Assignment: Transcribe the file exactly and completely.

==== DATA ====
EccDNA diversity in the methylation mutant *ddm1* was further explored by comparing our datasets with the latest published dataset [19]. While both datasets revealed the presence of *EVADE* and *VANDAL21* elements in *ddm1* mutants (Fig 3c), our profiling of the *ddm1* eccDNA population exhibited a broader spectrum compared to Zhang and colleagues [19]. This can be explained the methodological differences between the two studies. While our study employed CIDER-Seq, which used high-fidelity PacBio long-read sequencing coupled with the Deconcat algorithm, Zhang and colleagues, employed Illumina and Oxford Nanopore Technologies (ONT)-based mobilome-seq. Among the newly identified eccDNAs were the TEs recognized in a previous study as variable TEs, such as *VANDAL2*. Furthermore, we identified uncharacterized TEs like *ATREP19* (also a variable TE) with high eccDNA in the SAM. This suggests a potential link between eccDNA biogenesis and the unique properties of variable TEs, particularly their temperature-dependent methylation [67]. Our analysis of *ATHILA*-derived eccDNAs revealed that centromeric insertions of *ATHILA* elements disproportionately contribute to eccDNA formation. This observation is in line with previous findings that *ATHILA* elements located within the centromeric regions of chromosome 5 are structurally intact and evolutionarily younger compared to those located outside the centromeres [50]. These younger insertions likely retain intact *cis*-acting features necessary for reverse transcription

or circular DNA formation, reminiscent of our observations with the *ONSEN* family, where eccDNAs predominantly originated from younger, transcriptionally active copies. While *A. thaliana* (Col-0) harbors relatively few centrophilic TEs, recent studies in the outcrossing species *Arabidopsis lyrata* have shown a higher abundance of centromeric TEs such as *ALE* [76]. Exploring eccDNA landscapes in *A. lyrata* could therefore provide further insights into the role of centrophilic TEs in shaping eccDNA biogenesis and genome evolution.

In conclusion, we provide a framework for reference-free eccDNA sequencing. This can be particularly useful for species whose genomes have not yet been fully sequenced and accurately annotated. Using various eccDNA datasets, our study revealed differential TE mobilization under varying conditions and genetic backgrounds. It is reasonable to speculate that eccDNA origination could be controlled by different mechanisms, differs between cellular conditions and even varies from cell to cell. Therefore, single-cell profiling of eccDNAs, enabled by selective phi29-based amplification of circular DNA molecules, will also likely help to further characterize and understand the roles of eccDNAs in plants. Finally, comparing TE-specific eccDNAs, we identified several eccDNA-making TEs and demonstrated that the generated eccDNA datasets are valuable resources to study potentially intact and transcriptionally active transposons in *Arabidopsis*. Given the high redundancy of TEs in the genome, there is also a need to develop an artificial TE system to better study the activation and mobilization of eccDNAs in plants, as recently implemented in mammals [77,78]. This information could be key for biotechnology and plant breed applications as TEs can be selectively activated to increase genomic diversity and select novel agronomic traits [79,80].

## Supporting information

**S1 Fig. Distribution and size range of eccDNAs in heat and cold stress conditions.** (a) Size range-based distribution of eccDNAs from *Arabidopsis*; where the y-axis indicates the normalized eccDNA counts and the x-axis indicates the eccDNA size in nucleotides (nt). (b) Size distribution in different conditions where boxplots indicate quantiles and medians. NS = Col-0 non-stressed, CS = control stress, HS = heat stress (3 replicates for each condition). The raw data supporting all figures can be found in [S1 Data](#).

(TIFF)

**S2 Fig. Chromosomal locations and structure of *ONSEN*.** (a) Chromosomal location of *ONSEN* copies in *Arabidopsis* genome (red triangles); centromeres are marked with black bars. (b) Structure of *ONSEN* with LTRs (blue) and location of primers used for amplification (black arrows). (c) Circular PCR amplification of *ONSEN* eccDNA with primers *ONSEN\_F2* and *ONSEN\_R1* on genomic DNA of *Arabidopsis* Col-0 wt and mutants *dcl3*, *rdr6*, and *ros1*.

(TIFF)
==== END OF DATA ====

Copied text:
EccDNA diversity in the methylation mutant *ddm1* was further explored by comparing our datasets with the latest published dataset [19]. While both datasets revealed the presence of *EVADE* and *VANDAL21* elements in *ddm1* mutants (Fig 3c), our profiling of the *ddm1* eccDNA population exhibited a broader spectrum compared to Zhang and colleagues [19]. This can be explained the methodological differences between the two studies. While our study employed CIDER-Seq, which used high-fidelity PacBio long-read sequencing coupled with the Deconcat algorithm, Zhang and colleagues, employed Illumina and Oxford Nanopore Technologies (ONT)-based mobilome-seq. Among the newly identified eccDNAs were the TEs recognized in a previous study as variable TEs, such as *VANDAL2*. Furthermore, we identified uncharacterized TEs like *ATREP19* (also a variable TE) with high eccDNA in the SAM. This suggests a potential link between eccDNA biogenesis and the unique properties of variable TEs, particularly their temperature-dependent methylation [67]. Our analysis of *ATHILA*-derived eccDNAs revealed that centromeric insertions of *ATHILA* elements disproportionately contribute to eccDNA formation. This observation is in line with previous findings that *ATHILA* elements located within the centromeric regions of chromosome 5 are structurally intact and evolutionarily younger compared to those located outside the centromeres [50]. These younger insertions likely retain intact *cis*-acting features necessary for reverse transcription

or circular DNA formation, reminiscent of our observations with the *ONSEN* family, where eccDNAs predominantly originated from younger, transcriptionally active copies. While *A. thaliana* (Col-0) harbors relatively few centrophilic TEs, recent studies in the outcrossing species *Arabidopsis lyrata* have shown a higher abundance of centromeric TEs such as *ALE* [76]. Exploring eccDNA landscapes in *A. lyrata* could therefore provide further insights into the role of centrophilic TEs in shaping eccDNA biogenesis and genome evolution.

In conclusion, we provide a framework for reference-free eccDNA sequencing. This can be particularly useful for species whose genomes have not yet been fully sequenced and accurately annotated. Using various eccDNA datasets, our study revealed differential TE mobilization under varying conditions and genetic backgrounds. It is reasonable to speculate that eccDNA origination could be controlled by different mechanisms, differs between cellular conditions and even varies from cell to cell. Therefore, single-cell profiling of eccDNAs, enabled by selective phi29-based amplification of circular DNA molecules, will also likely help to further characterize and understand the roles of eccDNAs in plants. Finally, comparing TE-specific eccDNAs, we identified several eccDNA-making TEs and demonstrated that the generated eccDNA datasets are valuable resources to study potentially intact and transcriptionally active transposons in *Arabidopsis*. Given the high redundancy of TEs in the genome, there is also a need to develop an artificial TE system to better study the activation and mobilization of eccDNAs in plants, as recently implemented in mammals [77,78]. This information could be key for biotechnology and plant breed applications as TEs can be selectively activated to increase genomic diversity and select novel agronomic traits [79,80].

## Supporting information

**S1 Fig. Distribution and size range of eccDNAs in heat and cold stress conditions.** (a) Size range-based distribution of eccDNAs from *Arabidopsis*; where the y-axis indicates the normalized eccDNA counts and the x-axis indicates the eccDNA size in nucleotides (nt). (b) Size distribution in different conditions where boxplots indicate quantiles and medians. NS = Col-0 non-stressed, CS = control stress, HS = heat stress (3 replicates for each condition). The raw data supporting all figures can be found in [S1 Data](#).

(TIFF)

**S2 Fig. Chromosomal locations and structure of *ONSEN*.** (a) Chromosomal location of *ONSEN* copies in *Arabidopsis* genome (red triangles); centromeres are marked with black bars. (b) Structure of *ONSEN* with LTRs (blue) and location of primers used for amplification (black arrows). (c) Circular PCR amplification of *ONSEN* eccDNA with primers *ONSEN\_F2* and *ONSEN\_R1* on genomic DNA of *Arabidopsis* Col-0 wt and mutants *dcl3*, *rdr6*, and *ros1*.

(TIFF)